Mike Dillon & Punkadelick makes its recorded debut with Inflorescence, an album of heady, instrumental rock highlighting a band deep in the throes of creative freedom, road tested and wild. Consisting of 10 tracks in 42-minutes, it’s an expansive, focused and fearless collec-tion, representing a world where Duke Ellington and Augustus Pablo rub shoulders with crate-digger exotica, the freak-funk of Parliament and the ‘anything fits’ outsider ethos of acid-fried punks like The Meat Puppets.
A trio featuring Mike Dillon (Ricki Lee Jones, Ani DiFranco, Les Claypool) on vibraphone, ma-rimba, Prophet 6, congas, and bongos, Brian Haas (Jacob Fred Jazz Odyssey) on Fender Rhodes, piano, bass Moog and melodica and Nikki Glaspie (Beyonce) on drums, cymbals and vocals, Punkadelick is the unified vision of six hands creating a world that often sounds like the work of an ensemble three times the size.
During 2020 and 2021, while many music venues were still shuttered, the group began tour-ing, sweating their way through cuts Dillon and Haas had composed during quarantine writ-ing sessions. Locking in on stage, it quickly became clear the band was functioning at a level that made the hair on their arms stand at attention—even for three live music veterans ac-customed to life on the road.
“It became obvious to let this become a collaboration,” Dillon says. “This is really something all three of us are doing because we have so much love for one another and a love for the music that we started creating.”
“There’s only three of us, but we move together like a big, nasty school of fish,” Haas adds, laughing.
During the tail end of a 2021 tour, the band booked time to record with engineer—and func-tioning fourth band member—Chad Meise, and Inflorescence sprouted. Opener “Desert Monsoon,” sets the stage with a spiritual-jazz intro of organ, vibraphone, percussion and wordless vocal coos before crackling to life as a swaggering funk strut. The title track, and “Pandas,” dig into thick dub textures built around Glaspie’s drumming and Haas’s subwoof-er-straining bass synths.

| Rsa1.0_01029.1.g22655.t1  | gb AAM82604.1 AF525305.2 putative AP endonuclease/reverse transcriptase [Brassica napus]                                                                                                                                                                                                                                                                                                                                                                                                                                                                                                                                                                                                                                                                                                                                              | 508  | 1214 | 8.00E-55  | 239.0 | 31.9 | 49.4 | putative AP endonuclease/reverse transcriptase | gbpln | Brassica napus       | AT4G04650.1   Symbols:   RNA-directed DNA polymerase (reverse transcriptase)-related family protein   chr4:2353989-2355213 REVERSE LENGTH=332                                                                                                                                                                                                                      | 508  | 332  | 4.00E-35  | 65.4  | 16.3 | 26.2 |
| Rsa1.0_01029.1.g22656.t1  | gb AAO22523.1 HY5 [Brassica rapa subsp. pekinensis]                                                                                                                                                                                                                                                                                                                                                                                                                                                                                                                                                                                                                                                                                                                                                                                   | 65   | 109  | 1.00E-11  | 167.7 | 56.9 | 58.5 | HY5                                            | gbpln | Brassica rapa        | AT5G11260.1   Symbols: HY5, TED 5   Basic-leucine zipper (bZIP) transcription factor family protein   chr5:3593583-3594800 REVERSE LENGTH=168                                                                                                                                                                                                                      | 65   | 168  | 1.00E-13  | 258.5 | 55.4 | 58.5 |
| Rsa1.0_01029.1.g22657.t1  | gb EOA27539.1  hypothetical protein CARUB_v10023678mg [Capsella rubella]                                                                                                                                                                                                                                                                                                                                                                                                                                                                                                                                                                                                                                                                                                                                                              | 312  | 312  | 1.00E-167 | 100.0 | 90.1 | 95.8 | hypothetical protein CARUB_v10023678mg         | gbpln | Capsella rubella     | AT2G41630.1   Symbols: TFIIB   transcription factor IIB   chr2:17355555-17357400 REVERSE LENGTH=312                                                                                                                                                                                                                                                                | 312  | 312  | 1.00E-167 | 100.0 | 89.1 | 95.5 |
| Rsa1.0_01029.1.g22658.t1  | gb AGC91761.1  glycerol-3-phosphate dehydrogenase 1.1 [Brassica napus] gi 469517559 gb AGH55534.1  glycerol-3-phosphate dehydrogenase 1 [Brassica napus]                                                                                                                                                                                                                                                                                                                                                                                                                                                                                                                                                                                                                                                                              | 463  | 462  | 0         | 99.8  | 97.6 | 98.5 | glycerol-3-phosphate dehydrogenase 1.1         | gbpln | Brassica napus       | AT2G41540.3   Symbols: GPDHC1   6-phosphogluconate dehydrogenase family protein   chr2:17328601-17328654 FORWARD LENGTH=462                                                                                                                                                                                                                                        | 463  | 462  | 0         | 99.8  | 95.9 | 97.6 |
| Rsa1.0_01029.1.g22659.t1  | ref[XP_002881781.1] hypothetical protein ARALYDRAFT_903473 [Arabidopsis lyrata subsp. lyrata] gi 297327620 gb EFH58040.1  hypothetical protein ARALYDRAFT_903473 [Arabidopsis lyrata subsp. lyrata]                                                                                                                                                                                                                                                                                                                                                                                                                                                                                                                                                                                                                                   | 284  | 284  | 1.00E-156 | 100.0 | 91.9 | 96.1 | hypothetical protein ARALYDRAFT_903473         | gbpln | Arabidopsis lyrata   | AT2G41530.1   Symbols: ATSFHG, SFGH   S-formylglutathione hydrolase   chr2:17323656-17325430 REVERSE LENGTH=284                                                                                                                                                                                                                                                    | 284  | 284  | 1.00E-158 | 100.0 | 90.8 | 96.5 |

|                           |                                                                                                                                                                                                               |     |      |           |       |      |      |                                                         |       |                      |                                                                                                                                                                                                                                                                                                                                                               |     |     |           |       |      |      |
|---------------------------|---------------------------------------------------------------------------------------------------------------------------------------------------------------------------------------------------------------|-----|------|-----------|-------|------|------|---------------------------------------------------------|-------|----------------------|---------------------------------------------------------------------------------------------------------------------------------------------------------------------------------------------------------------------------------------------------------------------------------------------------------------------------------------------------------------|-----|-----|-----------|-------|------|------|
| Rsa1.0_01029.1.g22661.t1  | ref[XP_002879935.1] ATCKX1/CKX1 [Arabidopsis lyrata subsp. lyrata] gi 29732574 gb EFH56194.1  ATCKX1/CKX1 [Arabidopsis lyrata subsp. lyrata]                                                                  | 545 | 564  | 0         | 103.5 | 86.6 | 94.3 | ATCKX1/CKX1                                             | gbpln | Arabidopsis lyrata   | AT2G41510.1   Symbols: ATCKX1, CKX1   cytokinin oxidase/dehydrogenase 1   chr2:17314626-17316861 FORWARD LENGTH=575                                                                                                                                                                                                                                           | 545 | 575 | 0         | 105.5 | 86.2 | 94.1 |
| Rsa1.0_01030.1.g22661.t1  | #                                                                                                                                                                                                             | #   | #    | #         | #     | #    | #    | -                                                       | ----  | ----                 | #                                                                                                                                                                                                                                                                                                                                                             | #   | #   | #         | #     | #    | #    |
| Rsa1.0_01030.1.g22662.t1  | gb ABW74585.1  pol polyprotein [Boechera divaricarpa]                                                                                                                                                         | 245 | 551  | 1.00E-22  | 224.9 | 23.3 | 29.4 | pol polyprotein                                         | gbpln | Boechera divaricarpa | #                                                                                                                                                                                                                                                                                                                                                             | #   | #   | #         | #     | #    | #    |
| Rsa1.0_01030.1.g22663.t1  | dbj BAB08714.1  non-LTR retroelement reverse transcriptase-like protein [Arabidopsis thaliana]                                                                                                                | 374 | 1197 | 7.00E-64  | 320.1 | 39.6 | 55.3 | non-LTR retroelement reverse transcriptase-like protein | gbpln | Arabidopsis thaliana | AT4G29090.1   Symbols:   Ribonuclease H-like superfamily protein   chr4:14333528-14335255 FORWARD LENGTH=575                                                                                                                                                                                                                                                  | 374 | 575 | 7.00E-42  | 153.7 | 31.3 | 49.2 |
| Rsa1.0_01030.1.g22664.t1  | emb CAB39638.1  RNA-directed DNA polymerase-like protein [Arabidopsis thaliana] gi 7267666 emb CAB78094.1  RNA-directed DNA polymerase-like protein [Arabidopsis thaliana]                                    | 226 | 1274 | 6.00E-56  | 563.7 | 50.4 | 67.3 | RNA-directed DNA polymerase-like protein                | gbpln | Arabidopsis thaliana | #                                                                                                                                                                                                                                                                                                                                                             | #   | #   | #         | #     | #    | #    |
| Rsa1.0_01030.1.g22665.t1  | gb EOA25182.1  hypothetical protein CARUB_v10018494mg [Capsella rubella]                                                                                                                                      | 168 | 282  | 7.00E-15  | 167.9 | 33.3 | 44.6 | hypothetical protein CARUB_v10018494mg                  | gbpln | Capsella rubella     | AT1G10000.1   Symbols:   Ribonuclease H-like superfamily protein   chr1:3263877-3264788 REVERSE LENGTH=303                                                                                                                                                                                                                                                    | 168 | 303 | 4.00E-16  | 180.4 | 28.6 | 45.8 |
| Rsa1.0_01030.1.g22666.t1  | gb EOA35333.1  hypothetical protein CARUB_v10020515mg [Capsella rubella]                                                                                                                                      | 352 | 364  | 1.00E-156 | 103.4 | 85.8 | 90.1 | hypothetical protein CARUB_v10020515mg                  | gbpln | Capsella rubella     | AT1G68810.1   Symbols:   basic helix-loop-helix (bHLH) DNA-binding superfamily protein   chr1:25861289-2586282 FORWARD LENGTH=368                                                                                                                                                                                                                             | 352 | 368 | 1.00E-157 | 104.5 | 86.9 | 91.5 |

“Apocalypse Daydream,” which appeared as an exotic head-nodder on 2020’s Shoot the Moon (titled “Apocalyptic Daydreams”) is reborn as a meatier jazz-rock slab where Dillon and Haas circle each other like Television performing as a lounge act on a cruise ship sailing seas of psilocybin.
Bending ears and surprising audiences has long been part of Dillon’s MO and Glaspie and Haas act as perfect foils for forays into the weird. While Dillon bristles at the “punk jazz” tag, punk rock and jazz remain core influences to the band, in sound and spirit.
“We’re students of the titans of music. We grew up listening to punk and rock ’n’ roll but we also love instrumental music—particularly the forefathers of Black American Music. In our minds, Led Zeppelin and Milt Jackson, Parliament-Funkadelic and The Minutemen, The Bad Brains and Frank Zappa are interconnected influences,” explains Dillon. “All that comes to-gether in how we approach instrumental creative music. Both punk rock and jazz are not prefab things, they’re about the freedom. We have no genre restriction in this band, and people who get it really respect that.”
Maybe the greatest example of the band’s punk-steeped sonic free-for-all is “Slowly But Surely,” a track Dillon told Haas to compose as if he were “writing for Queens of the Stone Age.” The song plays like QOTSA translated to piano runs, vibes and deeply swinging drums—big-riff stoner rock upended and played with huge smiles by America’s premier pro-ponents of the unclassifiable.
“We try to challenge our listeners. We’re touching a nerve with people who maybe don’t want to see the same songs done in the same variations all night long,” continues Dillon. “Part of my mission is taking these instruments that are primarily designed for the orchestral or jazz world and taking them to the rock world, the club world, running them through ped-als and effects. We’re not afraid to be soft, or to surprise. That’s what we all do in this band — get beyond our own conceptions of what music is supposed to be.”
“We are so blessed and lucky to do what we do for a living — it’s apparent in the music,” Glaspie chimes in. “It doesn’t matter how the day is going, but we get to the club, set up and crush the gig, all the other stuff doesn’t matter. We’re likeminded individuals who love life, love people and want to spread happiness.”
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